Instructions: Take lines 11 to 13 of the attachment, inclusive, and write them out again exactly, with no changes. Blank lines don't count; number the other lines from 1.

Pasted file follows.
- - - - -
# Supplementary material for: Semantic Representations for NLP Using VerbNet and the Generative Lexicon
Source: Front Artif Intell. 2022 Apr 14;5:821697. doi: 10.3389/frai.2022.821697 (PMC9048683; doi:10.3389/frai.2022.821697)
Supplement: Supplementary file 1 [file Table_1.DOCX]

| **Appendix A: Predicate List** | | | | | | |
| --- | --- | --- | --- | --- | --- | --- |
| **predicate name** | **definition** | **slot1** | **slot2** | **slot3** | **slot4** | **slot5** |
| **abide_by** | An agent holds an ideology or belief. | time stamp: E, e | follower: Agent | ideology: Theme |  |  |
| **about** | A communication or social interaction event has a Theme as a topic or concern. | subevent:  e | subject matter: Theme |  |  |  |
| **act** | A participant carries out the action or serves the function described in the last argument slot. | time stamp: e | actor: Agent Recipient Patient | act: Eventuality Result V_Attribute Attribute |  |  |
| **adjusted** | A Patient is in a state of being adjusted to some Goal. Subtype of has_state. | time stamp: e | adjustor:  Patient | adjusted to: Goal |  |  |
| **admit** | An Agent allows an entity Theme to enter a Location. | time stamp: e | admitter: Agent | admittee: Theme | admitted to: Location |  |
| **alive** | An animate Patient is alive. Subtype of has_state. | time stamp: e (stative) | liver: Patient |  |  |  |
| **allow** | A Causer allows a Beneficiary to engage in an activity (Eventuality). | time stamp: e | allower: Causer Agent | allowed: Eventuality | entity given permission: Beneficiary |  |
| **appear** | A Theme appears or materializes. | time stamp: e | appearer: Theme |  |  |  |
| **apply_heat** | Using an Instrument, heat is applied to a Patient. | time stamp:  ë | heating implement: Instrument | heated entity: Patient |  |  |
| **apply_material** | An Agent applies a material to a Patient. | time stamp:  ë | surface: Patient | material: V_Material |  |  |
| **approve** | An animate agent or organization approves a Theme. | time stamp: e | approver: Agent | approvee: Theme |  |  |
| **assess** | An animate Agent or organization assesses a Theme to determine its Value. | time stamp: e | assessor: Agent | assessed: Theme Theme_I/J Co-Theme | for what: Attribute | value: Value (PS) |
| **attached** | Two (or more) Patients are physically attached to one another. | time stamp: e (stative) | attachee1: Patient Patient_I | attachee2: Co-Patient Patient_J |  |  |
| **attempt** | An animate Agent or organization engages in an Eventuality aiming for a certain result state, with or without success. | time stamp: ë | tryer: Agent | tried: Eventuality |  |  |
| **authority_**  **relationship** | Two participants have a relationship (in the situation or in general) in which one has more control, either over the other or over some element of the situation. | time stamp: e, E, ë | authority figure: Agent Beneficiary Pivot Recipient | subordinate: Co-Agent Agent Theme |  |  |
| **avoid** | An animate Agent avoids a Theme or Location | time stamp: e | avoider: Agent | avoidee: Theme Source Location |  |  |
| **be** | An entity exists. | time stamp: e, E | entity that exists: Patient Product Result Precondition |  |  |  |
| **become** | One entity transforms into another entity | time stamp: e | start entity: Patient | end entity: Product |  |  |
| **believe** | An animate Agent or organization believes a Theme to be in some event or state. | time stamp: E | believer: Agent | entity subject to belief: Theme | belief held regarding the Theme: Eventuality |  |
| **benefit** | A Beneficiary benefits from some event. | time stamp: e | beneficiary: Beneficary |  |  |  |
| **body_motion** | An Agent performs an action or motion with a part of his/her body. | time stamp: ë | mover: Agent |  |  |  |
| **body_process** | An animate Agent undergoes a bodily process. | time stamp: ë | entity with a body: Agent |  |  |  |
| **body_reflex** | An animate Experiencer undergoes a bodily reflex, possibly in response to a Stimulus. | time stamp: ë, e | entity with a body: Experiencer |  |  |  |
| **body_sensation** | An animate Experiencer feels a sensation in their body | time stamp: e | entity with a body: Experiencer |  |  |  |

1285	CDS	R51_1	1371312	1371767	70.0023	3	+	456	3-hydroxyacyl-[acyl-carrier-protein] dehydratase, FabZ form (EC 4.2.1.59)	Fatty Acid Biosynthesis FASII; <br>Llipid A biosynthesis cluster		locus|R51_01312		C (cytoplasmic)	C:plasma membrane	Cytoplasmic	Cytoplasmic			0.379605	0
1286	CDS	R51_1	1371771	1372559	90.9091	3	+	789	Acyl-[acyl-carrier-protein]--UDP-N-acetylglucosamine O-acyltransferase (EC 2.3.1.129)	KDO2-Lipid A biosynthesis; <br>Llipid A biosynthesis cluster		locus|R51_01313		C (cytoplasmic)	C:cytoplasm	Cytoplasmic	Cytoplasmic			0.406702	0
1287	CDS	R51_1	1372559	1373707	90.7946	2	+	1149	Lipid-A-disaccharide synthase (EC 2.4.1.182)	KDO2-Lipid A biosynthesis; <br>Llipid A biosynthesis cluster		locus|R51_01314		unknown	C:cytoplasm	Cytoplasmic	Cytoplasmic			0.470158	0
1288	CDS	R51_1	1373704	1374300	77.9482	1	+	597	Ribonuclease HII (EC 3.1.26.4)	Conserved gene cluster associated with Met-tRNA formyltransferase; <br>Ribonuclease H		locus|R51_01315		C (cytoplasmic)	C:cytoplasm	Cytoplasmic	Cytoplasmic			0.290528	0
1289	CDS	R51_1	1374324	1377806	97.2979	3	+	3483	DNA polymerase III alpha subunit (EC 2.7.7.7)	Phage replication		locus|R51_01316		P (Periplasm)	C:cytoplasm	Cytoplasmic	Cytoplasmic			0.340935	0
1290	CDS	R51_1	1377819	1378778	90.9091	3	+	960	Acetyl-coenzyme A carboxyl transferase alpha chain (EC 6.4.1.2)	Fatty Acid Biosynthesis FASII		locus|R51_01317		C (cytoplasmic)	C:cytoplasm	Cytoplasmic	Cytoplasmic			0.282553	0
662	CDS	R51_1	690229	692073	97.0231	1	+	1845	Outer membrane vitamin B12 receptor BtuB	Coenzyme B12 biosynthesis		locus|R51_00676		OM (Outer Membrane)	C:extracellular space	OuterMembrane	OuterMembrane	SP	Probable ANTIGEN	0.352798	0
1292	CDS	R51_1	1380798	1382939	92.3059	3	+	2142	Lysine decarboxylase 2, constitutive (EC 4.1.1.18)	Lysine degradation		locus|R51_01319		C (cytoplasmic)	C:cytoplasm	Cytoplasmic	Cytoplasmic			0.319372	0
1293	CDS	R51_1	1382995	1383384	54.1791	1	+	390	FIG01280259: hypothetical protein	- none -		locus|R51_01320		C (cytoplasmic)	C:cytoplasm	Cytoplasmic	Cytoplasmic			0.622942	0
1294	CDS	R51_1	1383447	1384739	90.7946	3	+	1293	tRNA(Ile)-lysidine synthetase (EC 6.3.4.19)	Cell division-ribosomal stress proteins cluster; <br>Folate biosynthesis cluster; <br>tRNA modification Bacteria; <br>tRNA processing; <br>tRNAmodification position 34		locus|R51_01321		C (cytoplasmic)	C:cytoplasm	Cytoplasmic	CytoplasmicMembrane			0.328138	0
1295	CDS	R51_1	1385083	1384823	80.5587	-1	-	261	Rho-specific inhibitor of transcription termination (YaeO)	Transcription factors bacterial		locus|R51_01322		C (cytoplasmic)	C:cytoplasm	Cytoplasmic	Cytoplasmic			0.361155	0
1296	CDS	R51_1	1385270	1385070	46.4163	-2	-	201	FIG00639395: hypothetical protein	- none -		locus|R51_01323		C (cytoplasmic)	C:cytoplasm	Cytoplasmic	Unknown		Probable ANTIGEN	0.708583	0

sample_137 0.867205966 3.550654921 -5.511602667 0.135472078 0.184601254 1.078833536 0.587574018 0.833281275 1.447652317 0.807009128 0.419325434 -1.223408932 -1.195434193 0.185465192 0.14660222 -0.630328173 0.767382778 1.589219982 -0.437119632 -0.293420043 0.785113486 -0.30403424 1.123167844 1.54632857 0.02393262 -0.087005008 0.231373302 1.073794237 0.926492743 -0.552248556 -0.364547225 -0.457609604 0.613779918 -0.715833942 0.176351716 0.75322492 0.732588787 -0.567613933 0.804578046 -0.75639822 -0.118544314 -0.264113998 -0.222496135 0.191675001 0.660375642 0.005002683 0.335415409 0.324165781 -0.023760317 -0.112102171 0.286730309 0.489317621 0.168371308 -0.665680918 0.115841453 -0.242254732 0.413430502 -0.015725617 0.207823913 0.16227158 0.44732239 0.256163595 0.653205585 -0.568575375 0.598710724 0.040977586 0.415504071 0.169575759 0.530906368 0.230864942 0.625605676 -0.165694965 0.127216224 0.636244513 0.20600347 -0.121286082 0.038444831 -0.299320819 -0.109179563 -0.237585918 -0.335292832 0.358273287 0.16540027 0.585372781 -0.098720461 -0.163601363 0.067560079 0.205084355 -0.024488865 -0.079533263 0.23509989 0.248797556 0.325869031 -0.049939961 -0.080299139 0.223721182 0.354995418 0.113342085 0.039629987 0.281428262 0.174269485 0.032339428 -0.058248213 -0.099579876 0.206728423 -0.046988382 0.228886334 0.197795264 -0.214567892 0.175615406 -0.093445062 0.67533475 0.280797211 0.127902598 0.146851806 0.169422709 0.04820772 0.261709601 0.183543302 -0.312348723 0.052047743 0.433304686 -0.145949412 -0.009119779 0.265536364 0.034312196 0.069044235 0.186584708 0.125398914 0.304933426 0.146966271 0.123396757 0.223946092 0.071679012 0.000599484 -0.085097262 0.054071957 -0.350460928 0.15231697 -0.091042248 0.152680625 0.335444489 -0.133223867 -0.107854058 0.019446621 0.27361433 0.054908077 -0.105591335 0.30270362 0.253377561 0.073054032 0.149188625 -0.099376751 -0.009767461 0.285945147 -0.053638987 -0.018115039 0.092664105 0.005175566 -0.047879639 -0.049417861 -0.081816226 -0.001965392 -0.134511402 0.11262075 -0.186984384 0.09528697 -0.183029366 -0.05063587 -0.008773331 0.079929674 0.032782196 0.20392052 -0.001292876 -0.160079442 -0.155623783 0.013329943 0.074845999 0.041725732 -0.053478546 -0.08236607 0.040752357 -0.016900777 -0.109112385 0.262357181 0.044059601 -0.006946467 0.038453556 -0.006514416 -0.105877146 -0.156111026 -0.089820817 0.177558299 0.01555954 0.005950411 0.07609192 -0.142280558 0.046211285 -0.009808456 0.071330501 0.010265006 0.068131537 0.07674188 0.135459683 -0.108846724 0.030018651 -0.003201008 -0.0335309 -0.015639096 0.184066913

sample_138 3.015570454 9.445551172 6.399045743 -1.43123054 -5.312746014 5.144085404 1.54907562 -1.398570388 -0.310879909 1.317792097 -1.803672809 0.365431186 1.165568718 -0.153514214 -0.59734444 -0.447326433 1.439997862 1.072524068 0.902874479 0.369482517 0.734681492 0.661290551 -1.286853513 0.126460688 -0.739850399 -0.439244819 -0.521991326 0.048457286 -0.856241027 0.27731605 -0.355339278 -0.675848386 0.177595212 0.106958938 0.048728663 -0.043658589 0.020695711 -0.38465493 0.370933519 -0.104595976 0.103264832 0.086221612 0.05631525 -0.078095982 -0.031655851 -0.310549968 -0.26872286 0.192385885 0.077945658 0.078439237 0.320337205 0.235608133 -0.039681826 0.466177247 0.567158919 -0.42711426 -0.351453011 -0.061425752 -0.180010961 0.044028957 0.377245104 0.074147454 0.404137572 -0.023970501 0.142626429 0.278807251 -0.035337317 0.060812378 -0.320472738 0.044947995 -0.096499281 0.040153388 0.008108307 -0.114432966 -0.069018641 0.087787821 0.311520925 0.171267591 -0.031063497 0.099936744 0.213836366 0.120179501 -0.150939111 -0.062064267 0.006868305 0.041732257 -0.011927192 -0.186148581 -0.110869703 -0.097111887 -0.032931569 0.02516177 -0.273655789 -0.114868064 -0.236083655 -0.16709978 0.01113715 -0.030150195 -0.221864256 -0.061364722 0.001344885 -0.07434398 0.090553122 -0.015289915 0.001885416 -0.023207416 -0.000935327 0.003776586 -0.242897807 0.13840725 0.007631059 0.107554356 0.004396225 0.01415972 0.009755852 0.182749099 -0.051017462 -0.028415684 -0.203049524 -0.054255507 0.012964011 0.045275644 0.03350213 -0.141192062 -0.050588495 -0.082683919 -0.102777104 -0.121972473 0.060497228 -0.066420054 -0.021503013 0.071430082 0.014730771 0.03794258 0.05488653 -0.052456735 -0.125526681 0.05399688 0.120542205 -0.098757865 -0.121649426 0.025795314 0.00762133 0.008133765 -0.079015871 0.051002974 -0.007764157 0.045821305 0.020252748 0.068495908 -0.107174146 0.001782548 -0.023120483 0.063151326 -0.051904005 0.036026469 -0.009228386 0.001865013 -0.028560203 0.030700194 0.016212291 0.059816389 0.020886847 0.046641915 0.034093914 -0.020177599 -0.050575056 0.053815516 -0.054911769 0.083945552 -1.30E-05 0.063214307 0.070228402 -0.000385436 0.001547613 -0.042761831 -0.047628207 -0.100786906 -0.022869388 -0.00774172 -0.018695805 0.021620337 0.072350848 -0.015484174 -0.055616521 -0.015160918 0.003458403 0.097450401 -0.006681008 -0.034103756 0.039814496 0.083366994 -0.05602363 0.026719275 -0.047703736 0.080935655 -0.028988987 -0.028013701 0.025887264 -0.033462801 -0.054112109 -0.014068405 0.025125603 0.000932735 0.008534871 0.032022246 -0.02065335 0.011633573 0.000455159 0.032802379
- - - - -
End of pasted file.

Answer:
| **admit** | An Agent allows an entity Theme to enter a Location. | time stamp: e | admitter: Agent | admittee: Theme | admitted to: Location |  |
| **alive** | An animate Patient is alive. Subtype of has_state. | time stamp: e (stative) | liver: Patient |  |  |  |
| **allow** | A Causer allows a Beneficiary to engage in an activity (Eventuality). | time stamp: e | allower: Causer Agent | allowed: Eventuality | entity given permission: Beneficiary |  |